In the Linux ecosystem, the collection of users is called a ‘Group’. When a user is added to a group, we are defining the permissions of a Linux user. Groups also define what files, settings, and folders the user should have access to.
In the simplest terms, groups help you to find out and set the privileges like read (
r), write (
w) and execute (
x) over a resource shared among the users. You can also alter these permissions as and when required.
Finding out groups to which a user account belongs will help you learn about the permissions a particular user has and also change the permissions whenever required.
This short tutorial will help you find out the groups to which a user belongs using some pretty simple commands and techniques.
Before going deep into the tutorial, it would be helpful if you have a basic overview of some of the concepts. I’d recommend the beginners to go through these concepts first.
Group: A collection of users on the Linux system. A single user can be a member of more than one group. A group defines what permissions a user has.
Primary Group: The primary group is the main group associated with the user account. Each user must be a member of a single primary group. It is created at the same time the user account is created and the user is automatically added to this group. Usually, the name of the primary group is the same as the name of the user.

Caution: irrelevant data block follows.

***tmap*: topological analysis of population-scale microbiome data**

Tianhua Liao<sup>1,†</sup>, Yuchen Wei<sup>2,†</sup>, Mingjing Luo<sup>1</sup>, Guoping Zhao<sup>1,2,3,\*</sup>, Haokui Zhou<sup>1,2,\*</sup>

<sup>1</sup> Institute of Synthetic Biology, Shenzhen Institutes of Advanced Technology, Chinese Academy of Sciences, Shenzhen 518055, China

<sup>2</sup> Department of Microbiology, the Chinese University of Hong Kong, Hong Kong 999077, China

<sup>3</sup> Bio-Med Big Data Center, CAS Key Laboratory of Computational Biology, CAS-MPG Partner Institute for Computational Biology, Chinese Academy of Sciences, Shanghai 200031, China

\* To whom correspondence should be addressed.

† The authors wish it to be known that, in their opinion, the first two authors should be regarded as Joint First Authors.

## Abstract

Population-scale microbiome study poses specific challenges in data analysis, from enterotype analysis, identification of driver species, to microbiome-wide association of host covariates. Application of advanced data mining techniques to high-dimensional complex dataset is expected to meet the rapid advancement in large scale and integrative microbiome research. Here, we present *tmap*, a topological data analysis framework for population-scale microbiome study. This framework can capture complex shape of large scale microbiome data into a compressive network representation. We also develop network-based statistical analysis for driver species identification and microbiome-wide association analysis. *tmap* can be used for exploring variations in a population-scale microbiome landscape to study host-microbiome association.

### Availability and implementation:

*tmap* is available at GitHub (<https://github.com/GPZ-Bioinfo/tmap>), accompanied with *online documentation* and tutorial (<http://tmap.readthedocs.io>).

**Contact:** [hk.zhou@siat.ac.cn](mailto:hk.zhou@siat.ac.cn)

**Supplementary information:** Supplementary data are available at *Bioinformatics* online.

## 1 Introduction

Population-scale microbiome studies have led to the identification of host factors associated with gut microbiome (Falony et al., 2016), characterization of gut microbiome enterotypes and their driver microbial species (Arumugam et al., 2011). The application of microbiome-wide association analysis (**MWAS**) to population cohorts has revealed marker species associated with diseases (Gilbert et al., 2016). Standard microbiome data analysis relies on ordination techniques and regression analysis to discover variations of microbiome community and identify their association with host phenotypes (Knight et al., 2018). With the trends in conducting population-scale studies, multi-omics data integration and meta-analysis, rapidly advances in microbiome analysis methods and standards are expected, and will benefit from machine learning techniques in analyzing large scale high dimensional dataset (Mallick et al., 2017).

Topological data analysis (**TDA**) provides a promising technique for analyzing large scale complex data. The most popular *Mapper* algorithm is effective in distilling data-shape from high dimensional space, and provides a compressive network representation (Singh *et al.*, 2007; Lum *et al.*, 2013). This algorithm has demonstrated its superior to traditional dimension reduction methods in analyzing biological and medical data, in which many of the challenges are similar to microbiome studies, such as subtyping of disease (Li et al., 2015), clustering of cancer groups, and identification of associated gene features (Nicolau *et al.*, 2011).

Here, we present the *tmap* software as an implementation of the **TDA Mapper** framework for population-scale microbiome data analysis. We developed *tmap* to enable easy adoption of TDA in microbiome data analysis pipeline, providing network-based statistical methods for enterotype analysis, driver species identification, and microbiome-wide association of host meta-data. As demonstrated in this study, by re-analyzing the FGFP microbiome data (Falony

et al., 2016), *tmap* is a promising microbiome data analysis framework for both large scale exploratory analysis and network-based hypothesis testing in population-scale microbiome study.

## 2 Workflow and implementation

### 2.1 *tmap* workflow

Secondary Group:Secondary group is optional and a user may or may not have a secondary group. It is used to grant some additional rights to the user. The user can be a member of multiple secondary groups.
/etc/group file: In Linux, the group membership is controlled by the
/etc/group file. It’s a simple text file containing a list of groups and the users belonging to each group.
/etc/passwd file: This file contains information for all the user accounts on the system. There is an entry of one user account per line represented in this file.
groups command is a super simple process to list the groups which the current user belongs to. You can also use this command to list the groups of a specific user registered with the system.
gaurav@ubuntu:~$ groups gaurav adm cdrom sudo dip plugdev lpadmin sambashare gaurav@ubuntu:~$
Finding a group of a particular user.
gaurav@ubuntu:~$ groups tomcat tomcat : tomcat lpadmin sambashare gaurav@ubuntu:~$
In this example, I’ve listed the groups to which the user named tomcat belongs.
id command displays the group information of the user. It shows parameters like
uid (user id),
gid (group id) and the list of groups to which the user belongs to.
gaurav@ubuntu:~$ id tomcat uid=1002(tomcat) gid=1002(tomcat) groups=1002(tomcat),113(lpadmin),128(sambashare) gaurav@ubuntu:~$
id command when used without an argument returns the group information about the current user.
gaurav@ubuntu:~$ id uid=1000(gaurav) gid=1000(gaurav) groups=1000(gaurav),4(adm),24(cdrom),27(sudo),30(dip),46(plugdev),113(lpadmin),128(sambashare) gaurav@ubuntu:~$
Here, the group information of the current user is displayed.